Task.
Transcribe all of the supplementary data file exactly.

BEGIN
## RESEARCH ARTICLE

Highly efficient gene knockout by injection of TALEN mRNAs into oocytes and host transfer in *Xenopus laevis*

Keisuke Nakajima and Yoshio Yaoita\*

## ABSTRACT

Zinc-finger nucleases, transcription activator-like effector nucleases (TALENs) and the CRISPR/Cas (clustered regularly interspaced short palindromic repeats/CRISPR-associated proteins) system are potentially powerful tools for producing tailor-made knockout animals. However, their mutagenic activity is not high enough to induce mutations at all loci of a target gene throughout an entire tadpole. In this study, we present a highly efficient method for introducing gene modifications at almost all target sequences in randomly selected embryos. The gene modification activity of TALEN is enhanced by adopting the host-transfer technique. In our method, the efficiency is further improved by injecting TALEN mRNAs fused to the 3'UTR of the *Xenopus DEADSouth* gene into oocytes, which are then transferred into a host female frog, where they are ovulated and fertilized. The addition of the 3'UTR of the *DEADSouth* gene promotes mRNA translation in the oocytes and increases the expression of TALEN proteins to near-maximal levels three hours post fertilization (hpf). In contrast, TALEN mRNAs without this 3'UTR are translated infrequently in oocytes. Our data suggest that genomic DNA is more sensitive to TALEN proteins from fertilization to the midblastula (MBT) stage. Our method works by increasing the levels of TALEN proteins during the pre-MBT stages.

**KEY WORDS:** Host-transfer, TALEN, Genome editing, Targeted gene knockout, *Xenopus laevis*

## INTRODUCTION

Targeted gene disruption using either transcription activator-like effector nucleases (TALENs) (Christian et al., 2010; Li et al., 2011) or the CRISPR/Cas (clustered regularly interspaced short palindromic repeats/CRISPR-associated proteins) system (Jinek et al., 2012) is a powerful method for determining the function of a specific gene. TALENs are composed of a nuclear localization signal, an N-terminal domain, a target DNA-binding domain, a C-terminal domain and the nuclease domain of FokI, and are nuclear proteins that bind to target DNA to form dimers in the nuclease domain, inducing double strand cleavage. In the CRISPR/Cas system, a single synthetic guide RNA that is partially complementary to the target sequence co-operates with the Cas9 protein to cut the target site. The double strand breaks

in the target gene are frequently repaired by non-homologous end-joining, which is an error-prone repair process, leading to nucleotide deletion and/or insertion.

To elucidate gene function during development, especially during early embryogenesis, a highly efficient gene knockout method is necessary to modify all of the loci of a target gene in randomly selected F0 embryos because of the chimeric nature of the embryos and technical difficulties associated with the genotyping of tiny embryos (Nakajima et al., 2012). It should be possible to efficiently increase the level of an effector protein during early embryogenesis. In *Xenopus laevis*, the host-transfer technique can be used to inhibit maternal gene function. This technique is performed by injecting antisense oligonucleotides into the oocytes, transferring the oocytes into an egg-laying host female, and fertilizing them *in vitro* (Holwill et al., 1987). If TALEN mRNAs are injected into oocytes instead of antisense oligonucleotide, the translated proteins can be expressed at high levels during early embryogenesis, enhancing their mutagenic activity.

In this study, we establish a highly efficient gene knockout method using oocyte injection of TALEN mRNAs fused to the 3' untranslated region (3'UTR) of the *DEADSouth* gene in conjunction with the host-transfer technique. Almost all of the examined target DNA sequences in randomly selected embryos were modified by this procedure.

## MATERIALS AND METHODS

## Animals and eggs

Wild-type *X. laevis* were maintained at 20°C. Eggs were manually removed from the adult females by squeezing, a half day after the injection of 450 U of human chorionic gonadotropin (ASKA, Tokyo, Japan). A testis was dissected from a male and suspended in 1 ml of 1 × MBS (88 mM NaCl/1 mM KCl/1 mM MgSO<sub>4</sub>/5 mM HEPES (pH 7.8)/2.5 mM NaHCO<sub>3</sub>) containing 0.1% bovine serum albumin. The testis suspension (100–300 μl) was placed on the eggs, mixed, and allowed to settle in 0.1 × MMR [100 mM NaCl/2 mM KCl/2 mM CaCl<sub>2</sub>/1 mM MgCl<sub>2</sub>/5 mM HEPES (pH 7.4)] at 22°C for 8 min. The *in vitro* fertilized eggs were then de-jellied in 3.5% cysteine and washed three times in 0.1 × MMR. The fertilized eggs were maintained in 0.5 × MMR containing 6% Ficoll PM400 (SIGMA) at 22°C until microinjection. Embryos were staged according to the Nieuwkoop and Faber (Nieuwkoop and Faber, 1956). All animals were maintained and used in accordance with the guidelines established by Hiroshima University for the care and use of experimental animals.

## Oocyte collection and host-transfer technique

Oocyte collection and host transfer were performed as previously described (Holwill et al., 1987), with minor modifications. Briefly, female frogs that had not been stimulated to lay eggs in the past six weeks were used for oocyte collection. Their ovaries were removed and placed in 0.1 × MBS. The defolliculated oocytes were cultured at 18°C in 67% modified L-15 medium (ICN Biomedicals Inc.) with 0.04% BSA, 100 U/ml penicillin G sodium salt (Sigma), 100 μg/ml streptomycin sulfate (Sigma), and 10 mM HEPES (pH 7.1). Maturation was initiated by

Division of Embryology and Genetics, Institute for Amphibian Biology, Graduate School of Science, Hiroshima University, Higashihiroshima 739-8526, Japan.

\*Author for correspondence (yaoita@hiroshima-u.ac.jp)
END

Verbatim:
## RESEARCH ARTICLE

Highly efficient gene knockout by injection of TALEN mRNAs into oocytes and host transfer in *Xenopus laevis*

Keisuke Nakajima and Yoshio Yaoita\*

## ABSTRACT

Zinc-finger nucleases, transcription activator-like effector nucleases (TALENs) and the CRISPR/Cas (clustered regularly interspaced short palindromic repeats/CRISPR-associated proteins) system are potentially powerful tools for producing tailor-made knockout animals. However, their mutagenic activity is not high enough to induce mutations at all loci of a target gene throughout an entire tadpole. In this study, we present a highly efficient method for introducing gene modifications at almost all target sequences in randomly selected embryos. The gene modification activity of TALEN is enhanced by adopting the host-transfer technique. In our method, the efficiency is further improved by injecting TALEN mRNAs fused to the 3'UTR of the *Xenopus DEADSouth* gene into oocytes, which are then transferred into a host female frog, where they are ovulated and fertilized. The addition of the 3'UTR of the *DEADSouth* gene promotes mRNA translation in the oocytes and increases the expression of TALEN proteins to near-maximal levels three hours post fertilization (hpf). In contrast, TALEN mRNAs without this 3'UTR are translated infrequently in oocytes. Our data suggest that genomic DNA is more sensitive to TALEN proteins from fertilization to the midblastula (MBT) stage. Our method works by increasing the levels of TALEN proteins during the pre-MBT stages.

**KEY WORDS:** Host-transfer, TALEN, Genome editing, Targeted gene knockout, *Xenopus laevis*

## INTRODUCTION

Targeted gene disruption using either transcription activator-like effector nucleases (TALENs) (Christian et al., 2010; Li et al., 2011) or the CRISPR/Cas (clustered regularly interspaced short palindromic repeats/CRISPR-associated proteins) system (Jinek et al., 2012) is a powerful method for determining the function of a specific gene. TALENs are composed of a nuclear localization signal, an N-terminal domain, a target DNA-binding domain, a C-terminal domain and the nuclease domain of FokI, and are nuclear proteins that bind to target DNA to form dimers in the nuclease domain, inducing double strand cleavage. In the CRISPR/Cas system, a single synthetic guide RNA that is partially complementary to the target sequence co-operates with the Cas9 protein to cut the target site. The double strand breaks

in the target gene are frequently repaired by non-homologous end-joining, which is an error-prone repair process, leading to nucleotide deletion and/or insertion.

To elucidate gene function during development, especially during early embryogenesis, a highly efficient gene knockout method is necessary to modify all of the loci of a target gene in randomly selected F0 embryos because of the chimeric nature of the embryos and technical difficulties associated with the genotyping of tiny embryos (Nakajima et al., 2012). It should be possible to efficiently increase the level of an effector protein during early embryogenesis. In *Xenopus laevis*, the host-transfer technique can be used to inhibit maternal gene function. This technique is performed by injecting antisense oligonucleotides into the oocytes, transferring the oocytes into an egg-laying host female, and fertilizing them *in vitro* (Holwill et al., 1987). If TALEN mRNAs are injected into oocytes instead of antisense oligonucleotide, the translated proteins can be expressed at high levels during early embryogenesis, enhancing their mutagenic activity.

In this study, we establish a highly efficient gene knockout method using oocyte injection of TALEN mRNAs fused to the 3' untranslated region (3'UTR) of the *DEADSouth* gene in conjunction with the host-transfer technique. Almost all of the examined target DNA sequences in randomly selected embryos were modified by this procedure.

## MATERIALS AND METHODS

## Animals and eggs

Wild-type *X. laevis* were maintained at 20°C. Eggs were manually removed from the adult females by squeezing, a half day after the injection of 450 U of human chorionic gonadotropin (ASKA, Tokyo, Japan). A testis was dissected from a male and suspended in 1 ml of 1 × MBS (88 mM NaCl/1 mM KCl/1 mM MgSO<sub>4</sub>/5 mM HEPES (pH 7.8)/2.5 mM NaHCO<sub>3</sub>) containing 0.1% bovine serum albumin. The testis suspension (100–300 μl) was placed on the eggs, mixed, and allowed to settle in 0.1 × MMR [100 mM NaCl/2 mM KCl/2 mM CaCl<sub>2</sub>/1 mM MgCl<sub>2</sub>/5 mM HEPES (pH 7.4)] at 22°C for 8 min. The *in vitro* fertilized eggs were then de-jellied in 3.5% cysteine and washed three times in 0.1 × MMR. The fertilized eggs were maintained in 0.5 × MMR containing 6% Ficoll PM400 (SIGMA) at 22°C until microinjection. Embryos were staged according to the Nieuwkoop and Faber (Nieuwkoop and Faber, 1956). All animals were maintained and used in accordance with the guidelines established by Hiroshima University for the care and use of experimental animals.

## Oocyte collection and host-transfer technique

Oocyte collection and host transfer were performed as previously described (Holwill et al., 1987), with minor modifications. Briefly, female frogs that had not been stimulated to lay eggs in the past six weeks were used for oocyte collection. Their ovaries were removed and placed in 0.1 × MBS. The defolliculated oocytes were cultured at 18°C in 67% modified L-15 medium (ICN Biomedicals Inc.) with 0.04% BSA, 100 U/ml penicillin G sodium salt (Sigma), 100 μg/ml streptomycin sulfate (Sigma), and 10 mM HEPES (pH 7.1). Maturation was initiated by

Division of Embryology and Genetics, Institute for Amphibian Biology, Graduate School of Science, Hiroshima University, Higashihiroshima 739-8526, Japan.

\*Author for correspondence (yaoita@hiroshima-u.ac.jp)